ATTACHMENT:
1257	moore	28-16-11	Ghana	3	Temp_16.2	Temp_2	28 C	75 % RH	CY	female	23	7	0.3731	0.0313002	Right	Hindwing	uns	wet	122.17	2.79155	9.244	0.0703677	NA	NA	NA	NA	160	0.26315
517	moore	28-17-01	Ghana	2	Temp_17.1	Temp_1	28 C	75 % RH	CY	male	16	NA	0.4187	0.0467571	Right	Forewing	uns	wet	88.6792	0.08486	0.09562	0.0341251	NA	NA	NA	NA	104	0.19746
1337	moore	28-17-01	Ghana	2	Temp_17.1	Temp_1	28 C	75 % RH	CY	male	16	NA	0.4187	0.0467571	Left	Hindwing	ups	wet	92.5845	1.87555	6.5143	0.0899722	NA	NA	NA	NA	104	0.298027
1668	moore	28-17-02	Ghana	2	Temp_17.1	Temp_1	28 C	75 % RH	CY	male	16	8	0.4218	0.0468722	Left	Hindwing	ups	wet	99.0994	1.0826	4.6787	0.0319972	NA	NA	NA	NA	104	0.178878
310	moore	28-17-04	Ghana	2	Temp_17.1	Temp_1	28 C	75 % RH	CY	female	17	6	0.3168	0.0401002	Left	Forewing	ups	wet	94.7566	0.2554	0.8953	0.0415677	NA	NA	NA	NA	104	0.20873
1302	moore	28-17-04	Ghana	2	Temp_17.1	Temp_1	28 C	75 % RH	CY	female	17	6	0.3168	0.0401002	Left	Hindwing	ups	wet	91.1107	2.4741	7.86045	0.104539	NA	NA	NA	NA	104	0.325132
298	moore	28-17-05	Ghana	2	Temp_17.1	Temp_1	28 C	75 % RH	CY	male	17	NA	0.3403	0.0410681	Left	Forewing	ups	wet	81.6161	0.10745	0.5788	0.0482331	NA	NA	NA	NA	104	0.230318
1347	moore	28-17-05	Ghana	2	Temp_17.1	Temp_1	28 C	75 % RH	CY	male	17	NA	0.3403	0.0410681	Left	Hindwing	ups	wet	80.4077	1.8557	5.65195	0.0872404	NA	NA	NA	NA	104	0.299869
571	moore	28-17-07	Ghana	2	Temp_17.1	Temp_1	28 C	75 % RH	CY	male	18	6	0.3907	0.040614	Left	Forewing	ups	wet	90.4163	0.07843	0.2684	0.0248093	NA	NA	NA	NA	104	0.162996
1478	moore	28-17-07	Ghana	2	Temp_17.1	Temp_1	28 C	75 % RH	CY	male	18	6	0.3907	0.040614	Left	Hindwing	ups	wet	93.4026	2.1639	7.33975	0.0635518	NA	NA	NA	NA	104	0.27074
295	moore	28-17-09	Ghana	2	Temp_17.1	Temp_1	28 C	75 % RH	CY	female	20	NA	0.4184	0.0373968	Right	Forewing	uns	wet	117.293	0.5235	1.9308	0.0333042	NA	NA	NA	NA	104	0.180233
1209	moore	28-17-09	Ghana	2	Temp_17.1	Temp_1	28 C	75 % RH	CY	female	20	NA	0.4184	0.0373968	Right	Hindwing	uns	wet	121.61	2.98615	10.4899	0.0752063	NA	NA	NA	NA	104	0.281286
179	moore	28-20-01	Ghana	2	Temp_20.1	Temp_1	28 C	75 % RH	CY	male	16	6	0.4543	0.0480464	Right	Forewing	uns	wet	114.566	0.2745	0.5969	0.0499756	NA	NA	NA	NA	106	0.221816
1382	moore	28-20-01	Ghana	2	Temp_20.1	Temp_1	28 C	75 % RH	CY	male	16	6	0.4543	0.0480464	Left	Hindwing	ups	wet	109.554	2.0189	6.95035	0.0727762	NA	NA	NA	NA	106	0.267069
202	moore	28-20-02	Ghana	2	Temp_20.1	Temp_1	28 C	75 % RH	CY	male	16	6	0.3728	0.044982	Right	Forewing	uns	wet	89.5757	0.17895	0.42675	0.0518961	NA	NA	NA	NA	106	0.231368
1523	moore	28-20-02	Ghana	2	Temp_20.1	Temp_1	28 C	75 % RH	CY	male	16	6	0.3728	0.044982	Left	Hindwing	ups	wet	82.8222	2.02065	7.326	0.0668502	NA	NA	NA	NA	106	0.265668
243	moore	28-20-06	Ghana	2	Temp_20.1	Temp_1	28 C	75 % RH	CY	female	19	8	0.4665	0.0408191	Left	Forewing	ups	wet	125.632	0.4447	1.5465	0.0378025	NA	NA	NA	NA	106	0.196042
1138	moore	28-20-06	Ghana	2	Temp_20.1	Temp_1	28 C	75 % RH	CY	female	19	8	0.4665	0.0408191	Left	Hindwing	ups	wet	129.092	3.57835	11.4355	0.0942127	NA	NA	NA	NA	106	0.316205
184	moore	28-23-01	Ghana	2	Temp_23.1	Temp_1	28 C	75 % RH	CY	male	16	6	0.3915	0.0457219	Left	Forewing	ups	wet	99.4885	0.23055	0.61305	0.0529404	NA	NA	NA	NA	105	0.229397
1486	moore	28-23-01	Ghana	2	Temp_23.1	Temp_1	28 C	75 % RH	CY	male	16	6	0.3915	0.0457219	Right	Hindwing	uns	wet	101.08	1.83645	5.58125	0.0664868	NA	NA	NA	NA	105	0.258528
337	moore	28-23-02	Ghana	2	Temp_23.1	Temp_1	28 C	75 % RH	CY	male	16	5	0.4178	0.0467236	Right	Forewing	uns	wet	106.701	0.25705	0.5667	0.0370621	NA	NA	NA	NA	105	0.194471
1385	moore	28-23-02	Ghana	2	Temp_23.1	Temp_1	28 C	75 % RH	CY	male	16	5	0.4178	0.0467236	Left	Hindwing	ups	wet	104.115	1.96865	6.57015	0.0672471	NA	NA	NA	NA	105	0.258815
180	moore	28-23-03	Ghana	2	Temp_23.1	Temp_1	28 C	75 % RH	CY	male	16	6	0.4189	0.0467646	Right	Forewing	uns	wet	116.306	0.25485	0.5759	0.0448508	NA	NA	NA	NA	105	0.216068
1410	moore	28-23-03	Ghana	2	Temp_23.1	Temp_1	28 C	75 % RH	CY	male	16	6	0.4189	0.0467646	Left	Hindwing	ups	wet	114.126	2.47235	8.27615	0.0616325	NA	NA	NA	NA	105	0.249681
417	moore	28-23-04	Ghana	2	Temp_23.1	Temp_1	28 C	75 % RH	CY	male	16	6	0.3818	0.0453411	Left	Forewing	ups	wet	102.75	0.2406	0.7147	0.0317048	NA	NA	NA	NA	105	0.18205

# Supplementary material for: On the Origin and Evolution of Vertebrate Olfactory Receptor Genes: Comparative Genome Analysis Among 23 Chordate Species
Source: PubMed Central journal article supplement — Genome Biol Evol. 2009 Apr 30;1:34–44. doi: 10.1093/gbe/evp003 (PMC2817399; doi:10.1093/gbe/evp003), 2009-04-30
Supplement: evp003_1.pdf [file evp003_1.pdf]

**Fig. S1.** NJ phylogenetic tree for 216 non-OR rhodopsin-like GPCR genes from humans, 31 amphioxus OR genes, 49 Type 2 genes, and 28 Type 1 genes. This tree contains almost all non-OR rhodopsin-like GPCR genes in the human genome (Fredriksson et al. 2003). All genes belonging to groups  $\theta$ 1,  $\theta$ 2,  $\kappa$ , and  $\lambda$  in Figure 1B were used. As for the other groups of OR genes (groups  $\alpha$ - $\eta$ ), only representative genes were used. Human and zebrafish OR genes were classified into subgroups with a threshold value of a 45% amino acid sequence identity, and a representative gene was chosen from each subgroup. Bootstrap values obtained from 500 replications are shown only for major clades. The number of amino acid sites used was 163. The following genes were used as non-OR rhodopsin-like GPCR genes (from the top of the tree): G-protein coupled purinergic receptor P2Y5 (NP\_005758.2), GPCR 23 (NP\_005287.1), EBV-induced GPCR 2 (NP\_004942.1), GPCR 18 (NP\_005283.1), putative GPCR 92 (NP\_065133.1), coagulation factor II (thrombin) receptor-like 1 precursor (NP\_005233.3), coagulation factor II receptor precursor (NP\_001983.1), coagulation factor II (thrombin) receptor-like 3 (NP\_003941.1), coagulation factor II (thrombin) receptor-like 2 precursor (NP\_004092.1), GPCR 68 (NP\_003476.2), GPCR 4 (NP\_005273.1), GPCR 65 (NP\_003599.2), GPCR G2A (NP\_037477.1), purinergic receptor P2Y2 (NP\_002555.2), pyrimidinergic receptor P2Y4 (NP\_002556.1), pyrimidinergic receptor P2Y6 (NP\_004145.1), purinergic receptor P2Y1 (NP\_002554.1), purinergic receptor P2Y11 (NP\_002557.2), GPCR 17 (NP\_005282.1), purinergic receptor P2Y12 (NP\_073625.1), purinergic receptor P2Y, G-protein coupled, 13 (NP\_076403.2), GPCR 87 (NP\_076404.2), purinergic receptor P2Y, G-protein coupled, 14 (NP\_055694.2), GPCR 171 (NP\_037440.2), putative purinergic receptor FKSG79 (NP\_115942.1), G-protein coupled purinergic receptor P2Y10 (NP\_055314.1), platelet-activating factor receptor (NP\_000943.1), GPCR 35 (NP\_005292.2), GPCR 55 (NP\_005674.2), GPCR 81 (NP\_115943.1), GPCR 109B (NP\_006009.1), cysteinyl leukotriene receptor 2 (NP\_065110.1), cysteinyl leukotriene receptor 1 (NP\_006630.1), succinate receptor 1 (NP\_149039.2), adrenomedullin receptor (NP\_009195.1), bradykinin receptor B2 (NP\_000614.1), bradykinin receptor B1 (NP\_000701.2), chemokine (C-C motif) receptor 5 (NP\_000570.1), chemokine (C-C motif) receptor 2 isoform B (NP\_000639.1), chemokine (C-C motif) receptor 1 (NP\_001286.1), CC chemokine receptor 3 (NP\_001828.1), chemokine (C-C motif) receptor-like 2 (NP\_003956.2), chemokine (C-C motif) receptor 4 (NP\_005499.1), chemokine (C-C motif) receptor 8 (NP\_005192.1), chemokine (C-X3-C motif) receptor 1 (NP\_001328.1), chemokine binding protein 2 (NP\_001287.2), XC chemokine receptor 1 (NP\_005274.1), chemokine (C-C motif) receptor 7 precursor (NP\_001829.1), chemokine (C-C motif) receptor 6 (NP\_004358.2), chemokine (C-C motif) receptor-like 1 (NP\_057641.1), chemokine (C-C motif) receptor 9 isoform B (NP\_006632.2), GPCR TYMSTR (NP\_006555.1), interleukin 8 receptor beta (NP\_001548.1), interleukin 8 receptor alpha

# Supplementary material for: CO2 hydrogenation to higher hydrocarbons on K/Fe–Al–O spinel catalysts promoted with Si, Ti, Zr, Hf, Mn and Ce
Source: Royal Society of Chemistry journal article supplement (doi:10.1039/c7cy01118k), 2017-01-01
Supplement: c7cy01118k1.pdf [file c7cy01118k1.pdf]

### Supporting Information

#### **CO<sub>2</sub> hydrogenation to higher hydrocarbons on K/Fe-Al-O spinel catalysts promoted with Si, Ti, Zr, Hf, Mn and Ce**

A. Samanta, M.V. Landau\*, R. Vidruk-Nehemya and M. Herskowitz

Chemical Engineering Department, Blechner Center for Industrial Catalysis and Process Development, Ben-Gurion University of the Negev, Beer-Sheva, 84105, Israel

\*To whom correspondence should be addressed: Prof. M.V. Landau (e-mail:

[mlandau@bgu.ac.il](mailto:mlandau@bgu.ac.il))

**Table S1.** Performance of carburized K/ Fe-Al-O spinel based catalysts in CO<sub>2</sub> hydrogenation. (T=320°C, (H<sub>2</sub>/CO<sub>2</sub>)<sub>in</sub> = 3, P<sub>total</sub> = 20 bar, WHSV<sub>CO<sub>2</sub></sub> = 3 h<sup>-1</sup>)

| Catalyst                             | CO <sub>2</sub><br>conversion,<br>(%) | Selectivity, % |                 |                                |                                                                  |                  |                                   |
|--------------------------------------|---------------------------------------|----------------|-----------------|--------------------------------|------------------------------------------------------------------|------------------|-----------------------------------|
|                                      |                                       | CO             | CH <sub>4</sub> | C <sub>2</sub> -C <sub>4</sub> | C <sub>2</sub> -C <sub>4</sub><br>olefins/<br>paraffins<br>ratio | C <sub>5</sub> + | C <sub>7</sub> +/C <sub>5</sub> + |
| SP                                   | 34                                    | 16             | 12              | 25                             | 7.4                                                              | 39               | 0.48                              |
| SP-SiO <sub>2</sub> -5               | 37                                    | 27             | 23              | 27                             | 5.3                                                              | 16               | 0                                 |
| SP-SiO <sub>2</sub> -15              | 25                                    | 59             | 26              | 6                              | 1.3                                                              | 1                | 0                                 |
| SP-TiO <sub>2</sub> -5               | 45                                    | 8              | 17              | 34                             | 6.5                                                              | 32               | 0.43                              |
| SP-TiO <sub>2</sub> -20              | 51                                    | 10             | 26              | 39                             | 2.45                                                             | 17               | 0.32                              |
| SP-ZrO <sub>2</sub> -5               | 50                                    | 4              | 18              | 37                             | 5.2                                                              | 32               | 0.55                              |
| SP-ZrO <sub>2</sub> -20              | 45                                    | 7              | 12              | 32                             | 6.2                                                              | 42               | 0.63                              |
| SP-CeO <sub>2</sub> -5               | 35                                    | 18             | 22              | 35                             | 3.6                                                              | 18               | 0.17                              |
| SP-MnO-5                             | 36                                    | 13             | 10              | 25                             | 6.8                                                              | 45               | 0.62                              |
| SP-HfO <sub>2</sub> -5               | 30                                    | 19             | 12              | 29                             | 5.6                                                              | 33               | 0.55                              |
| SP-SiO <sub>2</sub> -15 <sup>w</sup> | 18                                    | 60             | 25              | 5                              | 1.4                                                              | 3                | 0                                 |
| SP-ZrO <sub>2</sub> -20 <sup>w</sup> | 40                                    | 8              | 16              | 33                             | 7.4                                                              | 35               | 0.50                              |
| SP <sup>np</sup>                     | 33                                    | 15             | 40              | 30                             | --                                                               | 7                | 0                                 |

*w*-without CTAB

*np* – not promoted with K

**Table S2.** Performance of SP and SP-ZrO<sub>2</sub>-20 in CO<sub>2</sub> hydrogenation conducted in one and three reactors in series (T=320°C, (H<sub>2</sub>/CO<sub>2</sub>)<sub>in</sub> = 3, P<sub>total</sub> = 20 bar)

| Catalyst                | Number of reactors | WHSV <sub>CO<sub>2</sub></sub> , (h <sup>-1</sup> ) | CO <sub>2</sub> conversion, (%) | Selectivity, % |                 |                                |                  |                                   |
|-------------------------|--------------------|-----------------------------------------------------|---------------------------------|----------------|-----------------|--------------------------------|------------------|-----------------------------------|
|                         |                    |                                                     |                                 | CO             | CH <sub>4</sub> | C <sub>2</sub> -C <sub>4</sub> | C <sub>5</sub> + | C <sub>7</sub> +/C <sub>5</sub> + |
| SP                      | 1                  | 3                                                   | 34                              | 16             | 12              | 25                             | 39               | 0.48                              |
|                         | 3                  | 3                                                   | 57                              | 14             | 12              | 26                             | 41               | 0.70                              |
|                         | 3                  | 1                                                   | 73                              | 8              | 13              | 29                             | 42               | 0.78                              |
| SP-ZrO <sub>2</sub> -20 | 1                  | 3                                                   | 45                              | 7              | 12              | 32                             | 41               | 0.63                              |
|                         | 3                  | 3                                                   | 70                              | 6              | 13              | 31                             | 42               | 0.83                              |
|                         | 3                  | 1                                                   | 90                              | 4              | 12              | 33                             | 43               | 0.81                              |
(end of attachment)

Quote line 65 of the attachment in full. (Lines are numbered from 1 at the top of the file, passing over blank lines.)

| SP-ZrO <sub>2</sub> -20 | 1                  | 3                                                   | 45                              | 7              | 12              | 32                             | 41               | 0.63                              |